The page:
I thought back to my college years and my initial exposure to a film that has become one of my favorites:  Battle Royale.  In stark contrast to the American horror films that I had seen, the Japanese style assaulted my psyche instead of my body (the gore was, in fact, somewhat laughable considering my previous exposure to violent media). The basic premise of the movie is that a class of randomly selected junior high school students is sent to an island and given three days to fight for their lives. At the end of the contest, only one student can survive—otherwise everybody dies. Despite an admittedly bleak and distressing exterior, the movie does a remarkable job of demonstrating different survival strategies as part of a metaphor for success in the Japanese school system. I found myself watching the movie over and over again as I contemplated what my own path would be if I were placed in a similar situation. Would I take the opportunity to seek revenge against those who had wronged me? Would I use seduction to kill? Would I enter into a tenuous agreement with my friends to reenact a cooperative society despite our paranoia? Would I try to fight against the system and seek a way out?
Pondering this issue caused me to ruminate on what a life is worth. More specifically, what was my life worth?
Although mildly obsessed with the issue of worth thanks to my early exposure to The Joy Luck Club, I had never really thought about what I would do to stay alive until I watched Battle Royale and later, in my senior year of college, another movie that would change the course of my life.
Curled up on a couch with takeout Chinese food and some wine, I watched as my date slid Saw out of its red Netflix pouch and into the DVD player. The opening scenes of the movie flashed before me as I speared some steamed vegetables with my chopsticks.
My plate clinked gently as I placed it on the coffee table.

(This was, I soon realized, a very poor choice for a date movie.) Although my head spun, in a rush of emotions I found myself recalling the same thoughts that I was forced to confront while watching Battle Royale:  What gave my life meaning? What would I do to survive?
My stomach shrank as I felt something inside of me break. While the gore was not exceptionally appealing (the fear of suffering before dying was firmly placed in my mind after an ill-advised viewing of Misery in my younger days), the sinking feeling that I experienced came from the realization that I would be a target of the Jigsaw killer for I didn’t appreciate my life. Long after the movie had finished, I was terrified that I would be abducted by someone in a pig mask and end up in a basement chained to a wall. “After all,” I thought to myself, “Didn’t I deserve what was coming to me? Just a little bit?
After a week of sleepless nights, I finally realized that the solution to my problem was actually rather simple:  start living my life in a way that was meaningful and fulfilling. It was at that point (particularly poignant for someone who was about to graduate from college) that I challenged myself to start taking risks and to do things that scared me.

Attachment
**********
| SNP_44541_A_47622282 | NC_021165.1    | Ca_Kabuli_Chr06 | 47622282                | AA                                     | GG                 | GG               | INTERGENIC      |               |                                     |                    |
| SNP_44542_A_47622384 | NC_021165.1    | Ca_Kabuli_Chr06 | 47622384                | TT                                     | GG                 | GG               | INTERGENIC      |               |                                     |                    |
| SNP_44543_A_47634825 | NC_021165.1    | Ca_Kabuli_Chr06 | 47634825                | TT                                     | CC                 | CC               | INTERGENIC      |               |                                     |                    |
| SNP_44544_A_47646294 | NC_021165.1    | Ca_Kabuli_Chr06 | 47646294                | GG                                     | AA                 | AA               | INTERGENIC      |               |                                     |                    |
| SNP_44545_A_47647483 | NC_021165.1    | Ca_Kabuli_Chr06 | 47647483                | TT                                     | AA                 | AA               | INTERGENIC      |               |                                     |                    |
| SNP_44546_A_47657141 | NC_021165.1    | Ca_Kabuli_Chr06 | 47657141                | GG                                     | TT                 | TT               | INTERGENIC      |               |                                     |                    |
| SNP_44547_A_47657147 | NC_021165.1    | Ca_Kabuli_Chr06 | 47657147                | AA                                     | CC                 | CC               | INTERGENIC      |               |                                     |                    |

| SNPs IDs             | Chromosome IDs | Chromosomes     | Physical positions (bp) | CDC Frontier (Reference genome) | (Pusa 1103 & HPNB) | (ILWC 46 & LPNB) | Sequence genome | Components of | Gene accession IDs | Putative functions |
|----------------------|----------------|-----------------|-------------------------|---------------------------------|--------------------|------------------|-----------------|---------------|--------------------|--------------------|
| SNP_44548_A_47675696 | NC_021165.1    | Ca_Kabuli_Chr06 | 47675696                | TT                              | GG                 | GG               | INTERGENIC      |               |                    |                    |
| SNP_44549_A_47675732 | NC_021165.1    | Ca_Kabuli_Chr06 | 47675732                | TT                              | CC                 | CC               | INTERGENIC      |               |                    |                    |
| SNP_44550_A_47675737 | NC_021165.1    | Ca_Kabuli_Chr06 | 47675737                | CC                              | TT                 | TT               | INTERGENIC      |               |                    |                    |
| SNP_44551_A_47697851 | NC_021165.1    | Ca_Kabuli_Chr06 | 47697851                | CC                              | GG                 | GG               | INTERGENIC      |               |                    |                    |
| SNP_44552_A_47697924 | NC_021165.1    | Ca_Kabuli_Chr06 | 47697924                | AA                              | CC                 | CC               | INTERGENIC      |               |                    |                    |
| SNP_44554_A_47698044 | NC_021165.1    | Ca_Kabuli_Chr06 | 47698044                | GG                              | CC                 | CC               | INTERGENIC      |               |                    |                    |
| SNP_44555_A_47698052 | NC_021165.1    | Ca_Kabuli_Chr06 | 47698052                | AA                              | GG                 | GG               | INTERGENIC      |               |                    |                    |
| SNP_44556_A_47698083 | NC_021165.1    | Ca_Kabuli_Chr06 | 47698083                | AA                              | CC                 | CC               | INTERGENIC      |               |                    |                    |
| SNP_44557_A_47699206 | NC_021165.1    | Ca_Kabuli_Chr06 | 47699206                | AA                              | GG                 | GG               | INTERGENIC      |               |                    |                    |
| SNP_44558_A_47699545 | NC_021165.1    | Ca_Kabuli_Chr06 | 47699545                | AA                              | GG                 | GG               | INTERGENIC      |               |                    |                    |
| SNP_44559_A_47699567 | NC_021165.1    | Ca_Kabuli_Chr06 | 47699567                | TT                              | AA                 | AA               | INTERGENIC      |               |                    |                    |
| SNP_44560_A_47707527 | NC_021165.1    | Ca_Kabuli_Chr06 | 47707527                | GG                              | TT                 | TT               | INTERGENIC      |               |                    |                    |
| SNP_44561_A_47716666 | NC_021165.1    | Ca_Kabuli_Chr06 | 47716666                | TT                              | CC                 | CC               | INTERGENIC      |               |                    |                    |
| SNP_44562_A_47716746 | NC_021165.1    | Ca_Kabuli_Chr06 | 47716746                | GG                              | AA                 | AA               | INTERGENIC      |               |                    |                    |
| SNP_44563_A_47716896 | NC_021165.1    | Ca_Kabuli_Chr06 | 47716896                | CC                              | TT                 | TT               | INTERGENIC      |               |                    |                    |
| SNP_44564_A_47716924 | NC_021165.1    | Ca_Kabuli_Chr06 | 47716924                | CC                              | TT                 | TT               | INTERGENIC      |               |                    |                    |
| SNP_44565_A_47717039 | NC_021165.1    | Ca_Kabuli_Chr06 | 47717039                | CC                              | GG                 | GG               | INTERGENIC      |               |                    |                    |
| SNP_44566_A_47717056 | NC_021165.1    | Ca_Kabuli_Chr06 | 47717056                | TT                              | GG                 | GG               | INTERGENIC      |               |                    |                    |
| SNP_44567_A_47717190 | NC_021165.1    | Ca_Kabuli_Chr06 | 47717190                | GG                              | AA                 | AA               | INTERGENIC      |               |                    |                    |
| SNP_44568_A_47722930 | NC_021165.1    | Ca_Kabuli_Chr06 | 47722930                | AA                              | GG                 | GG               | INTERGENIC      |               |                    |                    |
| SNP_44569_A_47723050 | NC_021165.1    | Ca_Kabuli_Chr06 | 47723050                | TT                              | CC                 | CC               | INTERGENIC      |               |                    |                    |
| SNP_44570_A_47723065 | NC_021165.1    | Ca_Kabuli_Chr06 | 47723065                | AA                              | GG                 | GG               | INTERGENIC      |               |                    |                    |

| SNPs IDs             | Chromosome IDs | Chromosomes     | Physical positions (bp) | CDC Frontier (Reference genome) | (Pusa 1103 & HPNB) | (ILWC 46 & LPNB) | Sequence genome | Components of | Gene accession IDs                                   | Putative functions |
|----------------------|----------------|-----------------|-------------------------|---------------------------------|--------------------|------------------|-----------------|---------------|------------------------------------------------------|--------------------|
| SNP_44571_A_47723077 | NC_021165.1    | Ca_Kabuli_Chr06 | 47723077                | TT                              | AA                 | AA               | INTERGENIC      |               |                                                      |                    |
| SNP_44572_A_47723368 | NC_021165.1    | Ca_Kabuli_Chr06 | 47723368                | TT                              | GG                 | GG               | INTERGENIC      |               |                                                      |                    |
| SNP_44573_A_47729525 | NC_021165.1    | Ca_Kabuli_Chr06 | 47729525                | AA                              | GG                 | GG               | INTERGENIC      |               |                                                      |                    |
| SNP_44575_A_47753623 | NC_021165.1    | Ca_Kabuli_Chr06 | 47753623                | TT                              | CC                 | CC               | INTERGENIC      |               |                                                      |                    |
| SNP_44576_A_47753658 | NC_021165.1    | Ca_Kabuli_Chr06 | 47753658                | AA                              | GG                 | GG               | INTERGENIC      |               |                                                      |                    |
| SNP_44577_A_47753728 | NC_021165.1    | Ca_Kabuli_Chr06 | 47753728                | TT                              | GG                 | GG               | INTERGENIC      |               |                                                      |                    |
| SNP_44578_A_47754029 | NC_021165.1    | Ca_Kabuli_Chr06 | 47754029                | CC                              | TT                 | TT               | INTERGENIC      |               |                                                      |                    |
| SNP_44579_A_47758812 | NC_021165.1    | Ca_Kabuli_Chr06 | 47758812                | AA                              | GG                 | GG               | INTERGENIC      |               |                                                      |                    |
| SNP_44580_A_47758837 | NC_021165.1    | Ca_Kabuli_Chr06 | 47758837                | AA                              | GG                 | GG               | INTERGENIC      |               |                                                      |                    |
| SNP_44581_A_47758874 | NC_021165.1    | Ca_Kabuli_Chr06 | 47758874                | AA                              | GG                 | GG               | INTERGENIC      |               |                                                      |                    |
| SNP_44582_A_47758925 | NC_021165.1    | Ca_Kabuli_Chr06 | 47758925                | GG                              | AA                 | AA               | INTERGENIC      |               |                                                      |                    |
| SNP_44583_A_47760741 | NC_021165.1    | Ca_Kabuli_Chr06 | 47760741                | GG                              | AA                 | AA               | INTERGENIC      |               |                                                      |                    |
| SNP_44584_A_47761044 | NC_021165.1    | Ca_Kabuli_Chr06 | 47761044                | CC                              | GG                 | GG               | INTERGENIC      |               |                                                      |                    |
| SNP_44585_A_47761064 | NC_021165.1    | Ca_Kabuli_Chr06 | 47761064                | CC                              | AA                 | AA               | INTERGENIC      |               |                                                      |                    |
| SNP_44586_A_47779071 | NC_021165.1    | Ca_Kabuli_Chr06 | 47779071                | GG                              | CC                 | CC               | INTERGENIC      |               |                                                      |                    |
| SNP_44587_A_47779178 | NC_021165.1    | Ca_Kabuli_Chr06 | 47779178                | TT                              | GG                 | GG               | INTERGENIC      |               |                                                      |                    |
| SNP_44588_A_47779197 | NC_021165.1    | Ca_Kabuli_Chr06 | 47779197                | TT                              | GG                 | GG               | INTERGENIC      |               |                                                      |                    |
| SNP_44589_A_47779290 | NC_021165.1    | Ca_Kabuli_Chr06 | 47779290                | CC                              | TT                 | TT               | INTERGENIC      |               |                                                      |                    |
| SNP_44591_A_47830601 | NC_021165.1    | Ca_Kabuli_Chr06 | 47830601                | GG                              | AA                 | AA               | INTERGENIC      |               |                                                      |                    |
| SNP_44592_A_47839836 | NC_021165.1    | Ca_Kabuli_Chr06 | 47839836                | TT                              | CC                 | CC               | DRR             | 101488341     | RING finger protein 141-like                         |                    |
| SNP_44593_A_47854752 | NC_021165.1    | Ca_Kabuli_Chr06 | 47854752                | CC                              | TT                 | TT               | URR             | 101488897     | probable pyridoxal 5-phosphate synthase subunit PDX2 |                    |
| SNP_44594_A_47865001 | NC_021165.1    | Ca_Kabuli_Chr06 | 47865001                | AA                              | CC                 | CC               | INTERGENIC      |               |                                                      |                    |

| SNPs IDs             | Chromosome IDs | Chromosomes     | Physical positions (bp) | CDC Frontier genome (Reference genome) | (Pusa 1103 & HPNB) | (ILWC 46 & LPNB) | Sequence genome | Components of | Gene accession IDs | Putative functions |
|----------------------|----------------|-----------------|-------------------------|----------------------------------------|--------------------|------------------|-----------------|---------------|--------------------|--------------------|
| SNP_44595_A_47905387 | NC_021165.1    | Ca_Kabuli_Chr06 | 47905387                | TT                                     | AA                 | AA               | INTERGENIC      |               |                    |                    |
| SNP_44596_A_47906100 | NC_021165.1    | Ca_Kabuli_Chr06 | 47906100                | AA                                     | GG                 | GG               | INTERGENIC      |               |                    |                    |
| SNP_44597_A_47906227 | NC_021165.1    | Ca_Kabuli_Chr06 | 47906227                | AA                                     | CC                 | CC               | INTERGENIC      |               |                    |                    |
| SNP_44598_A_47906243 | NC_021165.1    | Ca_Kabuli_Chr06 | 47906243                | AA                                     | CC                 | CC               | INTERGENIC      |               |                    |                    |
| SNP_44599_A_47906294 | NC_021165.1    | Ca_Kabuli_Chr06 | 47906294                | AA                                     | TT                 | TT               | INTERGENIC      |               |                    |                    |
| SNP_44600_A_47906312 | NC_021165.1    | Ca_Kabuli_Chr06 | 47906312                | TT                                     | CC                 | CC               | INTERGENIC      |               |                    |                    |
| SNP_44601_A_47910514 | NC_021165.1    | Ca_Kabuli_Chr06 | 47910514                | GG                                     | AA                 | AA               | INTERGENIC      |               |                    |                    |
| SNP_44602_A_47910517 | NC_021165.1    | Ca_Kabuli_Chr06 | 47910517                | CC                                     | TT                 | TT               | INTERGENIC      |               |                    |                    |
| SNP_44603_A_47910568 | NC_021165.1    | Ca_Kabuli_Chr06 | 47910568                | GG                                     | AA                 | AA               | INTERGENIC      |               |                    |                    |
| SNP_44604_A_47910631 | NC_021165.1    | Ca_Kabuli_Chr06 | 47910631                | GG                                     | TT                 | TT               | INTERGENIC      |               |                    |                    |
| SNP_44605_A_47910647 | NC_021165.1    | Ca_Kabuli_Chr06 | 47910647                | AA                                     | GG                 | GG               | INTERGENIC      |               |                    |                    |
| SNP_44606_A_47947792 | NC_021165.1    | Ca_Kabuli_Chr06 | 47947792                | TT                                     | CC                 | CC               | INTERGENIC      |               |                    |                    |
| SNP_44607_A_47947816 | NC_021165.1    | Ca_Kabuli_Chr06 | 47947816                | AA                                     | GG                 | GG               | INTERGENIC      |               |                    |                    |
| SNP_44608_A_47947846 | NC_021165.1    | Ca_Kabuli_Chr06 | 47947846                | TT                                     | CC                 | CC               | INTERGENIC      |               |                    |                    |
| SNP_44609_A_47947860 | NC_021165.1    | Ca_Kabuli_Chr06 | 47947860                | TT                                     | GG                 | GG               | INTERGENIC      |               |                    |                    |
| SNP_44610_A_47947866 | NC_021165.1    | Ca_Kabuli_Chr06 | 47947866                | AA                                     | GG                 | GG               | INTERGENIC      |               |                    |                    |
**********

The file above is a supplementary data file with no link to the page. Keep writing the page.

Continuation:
My personal history with the genre is part of the reason that I am incredibly optimistic for generations that have grown up surrounded by images of Horror. In contrast to the conventional notions, with its frozen faces and cowering victims, I see the field as an incredible space to explore some of the concepts that most challenge society. While it may be true that storytellers working in the genre of Horror aspire to scare us, they do so as a means to a larger goal:   fright is used as a provocation that forces us to consider why we are terrified in the first place. Whether we realize it or not, exposure to Horror allows us to understand the mechanisms of fear and, in the process, realize that the unknown is becoming the known. In my mind, Horror possesses a wonderful coping aspect; although not necessarily therapeutic, I believe that areas like American Gothic can be empowering. When we choose to experience a work of Horror, we make a concession that the content could (and probably will) frighten us—an acquiescence that gives the material the freedom to explore fringe or minority issues.
It is in these groups—some of the traditionally oppressed—that I see Horror’s greatest potential, but it is in youth that I place my greatest hopes.
So while some of my current work with this research group is focused on the ability of popular culture to propel individuals’ energies outward as they become activists, engaged citizens, or public participants, I cling steadfastly to my roots as I wonder how Horror can turn the gaze inward in order to grapple with the darkness within. I am fully aware that this process of self-discovery is quite scary (who knows what you might find?) but I find myself eternally hopeful that fans of horror will learn to brave the dark places of themselves, secure in the knowledge that friends and family will always be there to draw them back. I am hopeful that, through Horror, people will come to understand who they are and accept themselves for that. I am hopeful that individuals will learn to step outside of themselves in order to offer their help to others who might also be suffering.

Ultimately, I am also hopeful because I have learned that young people are incredibly resilient and innovative—like the brunette heroines of 80’s slasher films—they can accomplish some amazing things if given half a chance.


Chris Tokuhama studies popular culture, youth, Horror, and media as a graduate student in the Annenberg School for Communication and Journalism at the University of Southern California while balancing a full-time job in the Office of College Admission. Primarily interested in mythical origins and narrative structures, Chris is unashamed to admit that he will only watch Asian horror films during the day. Comments, questions, and Starbucks gift cards can be sent to tokuhama [at] usc [dot] edu.